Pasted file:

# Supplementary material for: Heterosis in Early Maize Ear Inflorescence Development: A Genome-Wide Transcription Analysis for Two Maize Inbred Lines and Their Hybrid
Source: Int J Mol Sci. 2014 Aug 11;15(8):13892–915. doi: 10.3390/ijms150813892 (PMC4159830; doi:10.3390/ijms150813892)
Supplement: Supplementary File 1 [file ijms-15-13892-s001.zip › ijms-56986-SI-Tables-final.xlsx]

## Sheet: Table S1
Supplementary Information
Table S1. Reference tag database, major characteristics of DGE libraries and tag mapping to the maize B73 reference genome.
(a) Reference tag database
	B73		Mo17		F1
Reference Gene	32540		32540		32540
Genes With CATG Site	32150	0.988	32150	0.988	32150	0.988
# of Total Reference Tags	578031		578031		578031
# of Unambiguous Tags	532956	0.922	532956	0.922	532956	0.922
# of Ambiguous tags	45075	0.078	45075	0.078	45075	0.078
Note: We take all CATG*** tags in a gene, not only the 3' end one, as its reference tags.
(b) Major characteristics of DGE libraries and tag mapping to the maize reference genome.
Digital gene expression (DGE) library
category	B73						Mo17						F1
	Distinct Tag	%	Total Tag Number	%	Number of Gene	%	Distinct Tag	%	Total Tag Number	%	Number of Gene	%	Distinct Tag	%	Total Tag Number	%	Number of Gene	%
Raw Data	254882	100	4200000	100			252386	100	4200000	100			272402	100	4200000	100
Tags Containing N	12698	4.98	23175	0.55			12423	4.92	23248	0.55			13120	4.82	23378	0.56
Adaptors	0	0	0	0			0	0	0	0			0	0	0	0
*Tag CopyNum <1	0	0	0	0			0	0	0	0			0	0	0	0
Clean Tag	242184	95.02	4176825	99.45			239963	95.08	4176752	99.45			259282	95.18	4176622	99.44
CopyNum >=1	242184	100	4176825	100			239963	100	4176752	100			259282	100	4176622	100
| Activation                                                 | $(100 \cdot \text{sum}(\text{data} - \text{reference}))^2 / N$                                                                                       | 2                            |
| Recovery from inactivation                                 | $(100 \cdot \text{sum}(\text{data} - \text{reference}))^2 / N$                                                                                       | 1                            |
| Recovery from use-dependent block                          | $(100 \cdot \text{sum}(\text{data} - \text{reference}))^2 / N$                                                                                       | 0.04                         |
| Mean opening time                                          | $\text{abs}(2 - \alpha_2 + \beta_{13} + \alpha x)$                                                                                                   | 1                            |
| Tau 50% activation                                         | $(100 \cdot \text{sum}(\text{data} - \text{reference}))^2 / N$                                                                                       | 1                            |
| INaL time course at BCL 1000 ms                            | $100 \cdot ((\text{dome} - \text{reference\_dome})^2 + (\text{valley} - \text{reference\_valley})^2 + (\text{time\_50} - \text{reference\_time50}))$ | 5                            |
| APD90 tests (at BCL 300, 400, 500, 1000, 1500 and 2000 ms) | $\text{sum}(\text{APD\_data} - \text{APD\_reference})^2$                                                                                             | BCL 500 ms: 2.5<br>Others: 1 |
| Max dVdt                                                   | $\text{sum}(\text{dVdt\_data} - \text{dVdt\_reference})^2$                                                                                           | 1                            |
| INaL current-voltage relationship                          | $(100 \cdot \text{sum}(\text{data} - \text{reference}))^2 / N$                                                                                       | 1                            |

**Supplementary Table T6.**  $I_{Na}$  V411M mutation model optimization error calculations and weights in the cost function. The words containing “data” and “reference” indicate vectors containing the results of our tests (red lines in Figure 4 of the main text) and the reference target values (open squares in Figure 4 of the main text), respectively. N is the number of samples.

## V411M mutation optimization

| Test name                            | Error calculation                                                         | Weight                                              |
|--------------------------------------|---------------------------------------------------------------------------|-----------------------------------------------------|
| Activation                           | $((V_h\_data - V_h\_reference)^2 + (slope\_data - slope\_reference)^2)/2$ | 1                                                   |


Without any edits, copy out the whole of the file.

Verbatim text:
# Supplementary material for: Heterosis in Early Maize Ear Inflorescence Development: A Genome-Wide Transcription Analysis for Two Maize Inbred Lines and Their Hybrid
Source: Int J Mol Sci. 2014 Aug 11;15(8):13892–915. doi: 10.3390/ijms150813892 (PMC4159830; doi:10.3390/ijms150813892)
Supplement: Supplementary File 1 [file ijms-15-13892-s001.zip › ijms-56986-SI-Tables-final.xlsx]

## Sheet: Table S1
Supplementary Information
Table S1. Reference tag database, major characteristics of DGE libraries and tag mapping to the maize B73 reference genome.
(a) Reference tag database
	B73		Mo17		F1
Reference Gene	32540		32540		32540
Genes With CATG Site	32150	0.988	32150	0.988	32150	0.988
# of Total Reference Tags	578031		578031		578031
# of Unambiguous Tags	532956	0.922	532956	0.922	532956	0.922
# of Ambiguous tags	45075	0.078	45075	0.078	45075	0.078
Note: We take all CATG*** tags in a gene, not only the 3' end one, as its reference tags.
(b) Major characteristics of DGE libraries and tag mapping to the maize reference genome.
Digital gene expression (DGE) library
category	B73						Mo17						F1
	Distinct Tag	%	Total Tag Number	%	Number of Gene	%	Distinct Tag	%	Total Tag Number	%	Number of Gene	%	Distinct Tag	%	Total Tag Number	%	Number of Gene	%
Raw Data	254882	100	4200000	100			252386	100	4200000	100			272402	100	4200000	100
Tags Containing N	12698	4.98	23175	0.55			12423	4.92	23248	0.55			13120	4.82	23378	0.56
Adaptors	0	0	0	0			0	0	0	0			0	0	0	0
*Tag CopyNum <1	0	0	0	0			0	0	0	0			0	0	0	0
Clean Tag	242184	95.02	4176825	99.45			239963	95.08	4176752	99.45			259282	95.18	4176622	99.44
CopyNum >=1	242184	100	4176825	100			239963	100	4176752	100			259282	100	4176622	100
| Activation                                                 | $(100 \cdot \text{sum}(\text{data} - \text{reference}))^2 / N$                                                                                       | 2                            |
| Recovery from inactivation                                 | $(100 \cdot \text{sum}(\text{data} - \text{reference}))^2 / N$                                                                                       | 1                            |
| Recovery from use-dependent block                          | $(100 \cdot \text{sum}(\text{data} - \text{reference}))^2 / N$                                                                                       | 0.04                         |
| Mean opening time                                          | $\text{abs}(2 - \alpha_2 + \beta_{13} + \alpha x)$                                                                                                   | 1                            |
| Tau 50% activation                                         | $(100 \cdot \text{sum}(\text{data} - \text{reference}))^2 / N$                                                                                       | 1                            |
| INaL time course at BCL 1000 ms                            | $100 \cdot ((\text{dome} - \text{reference\_dome})^2 + (\text{valley} - \text{reference\_valley})^2 + (\text{time\_50} - \text{reference\_time50}))$ | 5                            |
| APD90 tests (at BCL 300, 400, 500, 1000, 1500 and 2000 ms) | $\text{sum}(\text{APD\_data} - \text{APD\_reference})^2$                                                                                             | BCL 500 ms: 2.5<br>Others: 1 |
| Max dVdt                                                   | $\text{sum}(\text{dVdt\_data} - \text{dVdt\_reference})^2$                                                                                           | 1                            |
| INaL current-voltage relationship                          | $(100 \cdot \text{sum}(\text{data} - \text{reference}))^2 / N$                                                                                       | 1                            |

**Supplementary Table T6.**  $I_{Na}$  V411M mutation model optimization error calculations and weights in the cost function. The words containing “data” and “reference” indicate vectors containing the results of our tests (red lines in Figure 4 of the main text) and the reference target values (open squares in Figure 4 of the main text), respectively. N is the number of samples.

## V411M mutation optimization

| Test name                            | Error calculation                                                         | Weight                                              |
|--------------------------------------|---------------------------------------------------------------------------|-----------------------------------------------------|
| Activation                           | $((V_h\_data - V_h\_reference)^2 + (slope\_data - slope\_reference)^2)/2$ | 1                                                   |